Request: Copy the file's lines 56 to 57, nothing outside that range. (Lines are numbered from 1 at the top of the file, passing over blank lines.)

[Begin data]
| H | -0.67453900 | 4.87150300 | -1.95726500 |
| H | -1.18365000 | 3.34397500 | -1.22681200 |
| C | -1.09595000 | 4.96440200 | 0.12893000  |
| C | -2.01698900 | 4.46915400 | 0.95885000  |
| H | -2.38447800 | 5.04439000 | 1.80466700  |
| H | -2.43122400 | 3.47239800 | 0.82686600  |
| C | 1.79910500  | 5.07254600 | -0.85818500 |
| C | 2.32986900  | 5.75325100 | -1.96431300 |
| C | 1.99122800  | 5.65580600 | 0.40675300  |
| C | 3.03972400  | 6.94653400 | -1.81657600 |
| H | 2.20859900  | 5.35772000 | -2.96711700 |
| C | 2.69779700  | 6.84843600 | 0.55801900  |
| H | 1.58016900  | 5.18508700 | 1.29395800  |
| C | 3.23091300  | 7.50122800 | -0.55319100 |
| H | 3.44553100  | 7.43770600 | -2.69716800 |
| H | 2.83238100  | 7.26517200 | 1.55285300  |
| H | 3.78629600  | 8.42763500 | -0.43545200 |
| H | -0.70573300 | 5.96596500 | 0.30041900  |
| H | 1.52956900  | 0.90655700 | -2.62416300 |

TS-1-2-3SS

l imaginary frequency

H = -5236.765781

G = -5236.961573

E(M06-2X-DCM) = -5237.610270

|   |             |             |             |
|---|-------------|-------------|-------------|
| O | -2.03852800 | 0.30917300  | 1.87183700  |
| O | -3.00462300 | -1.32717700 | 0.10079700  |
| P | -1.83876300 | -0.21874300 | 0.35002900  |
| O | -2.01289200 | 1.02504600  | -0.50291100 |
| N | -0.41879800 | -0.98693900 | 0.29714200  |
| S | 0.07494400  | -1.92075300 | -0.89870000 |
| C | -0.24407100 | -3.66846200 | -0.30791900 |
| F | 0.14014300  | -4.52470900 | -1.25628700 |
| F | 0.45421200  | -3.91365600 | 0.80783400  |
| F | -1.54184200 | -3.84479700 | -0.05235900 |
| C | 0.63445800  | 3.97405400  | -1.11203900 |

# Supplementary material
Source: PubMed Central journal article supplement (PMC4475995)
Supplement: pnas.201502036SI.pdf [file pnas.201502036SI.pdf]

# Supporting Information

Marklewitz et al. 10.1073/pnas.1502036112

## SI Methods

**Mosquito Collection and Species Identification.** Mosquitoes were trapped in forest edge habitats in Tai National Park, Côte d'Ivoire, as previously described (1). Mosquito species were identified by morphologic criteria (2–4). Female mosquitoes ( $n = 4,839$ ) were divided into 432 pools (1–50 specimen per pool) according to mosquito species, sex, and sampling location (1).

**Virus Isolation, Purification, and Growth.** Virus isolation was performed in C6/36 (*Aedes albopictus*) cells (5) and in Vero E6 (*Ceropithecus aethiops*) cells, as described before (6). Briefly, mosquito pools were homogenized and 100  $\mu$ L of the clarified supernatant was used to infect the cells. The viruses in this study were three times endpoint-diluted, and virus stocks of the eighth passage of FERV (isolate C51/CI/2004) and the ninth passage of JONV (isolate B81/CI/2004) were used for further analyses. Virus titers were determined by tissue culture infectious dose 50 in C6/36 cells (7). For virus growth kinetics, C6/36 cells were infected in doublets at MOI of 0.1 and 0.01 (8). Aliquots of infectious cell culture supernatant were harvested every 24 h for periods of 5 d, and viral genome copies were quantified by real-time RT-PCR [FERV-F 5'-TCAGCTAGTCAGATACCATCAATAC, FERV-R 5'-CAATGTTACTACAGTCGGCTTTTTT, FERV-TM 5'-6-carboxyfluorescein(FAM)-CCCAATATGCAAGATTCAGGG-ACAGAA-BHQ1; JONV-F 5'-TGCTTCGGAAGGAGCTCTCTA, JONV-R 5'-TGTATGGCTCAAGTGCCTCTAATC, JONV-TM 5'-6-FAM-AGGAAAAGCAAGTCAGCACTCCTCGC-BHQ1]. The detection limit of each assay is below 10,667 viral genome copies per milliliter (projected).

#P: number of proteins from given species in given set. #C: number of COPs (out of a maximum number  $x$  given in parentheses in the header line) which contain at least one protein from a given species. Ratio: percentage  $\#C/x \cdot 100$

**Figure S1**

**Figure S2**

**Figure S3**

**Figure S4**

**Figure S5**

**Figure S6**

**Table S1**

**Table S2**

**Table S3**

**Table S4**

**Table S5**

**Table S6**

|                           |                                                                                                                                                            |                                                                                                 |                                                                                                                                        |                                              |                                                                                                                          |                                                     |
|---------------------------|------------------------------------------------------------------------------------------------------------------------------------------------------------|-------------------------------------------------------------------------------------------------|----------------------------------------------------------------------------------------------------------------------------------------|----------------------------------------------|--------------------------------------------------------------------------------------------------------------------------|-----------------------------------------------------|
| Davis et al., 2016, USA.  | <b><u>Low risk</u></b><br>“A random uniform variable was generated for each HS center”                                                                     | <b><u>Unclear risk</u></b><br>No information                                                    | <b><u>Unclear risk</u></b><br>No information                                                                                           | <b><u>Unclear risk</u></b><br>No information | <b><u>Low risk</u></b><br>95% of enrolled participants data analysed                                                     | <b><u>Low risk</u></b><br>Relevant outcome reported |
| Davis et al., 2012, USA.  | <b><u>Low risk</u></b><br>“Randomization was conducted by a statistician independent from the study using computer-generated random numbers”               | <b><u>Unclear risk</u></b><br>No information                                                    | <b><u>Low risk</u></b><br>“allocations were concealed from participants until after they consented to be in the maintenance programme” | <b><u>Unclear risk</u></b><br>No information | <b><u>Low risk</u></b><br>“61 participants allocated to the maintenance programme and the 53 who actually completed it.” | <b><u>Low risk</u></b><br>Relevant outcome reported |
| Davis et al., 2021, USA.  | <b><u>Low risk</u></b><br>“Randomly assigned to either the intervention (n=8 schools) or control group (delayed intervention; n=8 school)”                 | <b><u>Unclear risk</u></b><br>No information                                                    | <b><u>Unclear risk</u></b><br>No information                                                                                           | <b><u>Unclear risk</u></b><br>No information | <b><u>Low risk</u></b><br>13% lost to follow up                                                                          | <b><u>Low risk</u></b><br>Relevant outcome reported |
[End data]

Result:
**Table S4**

**Table S5**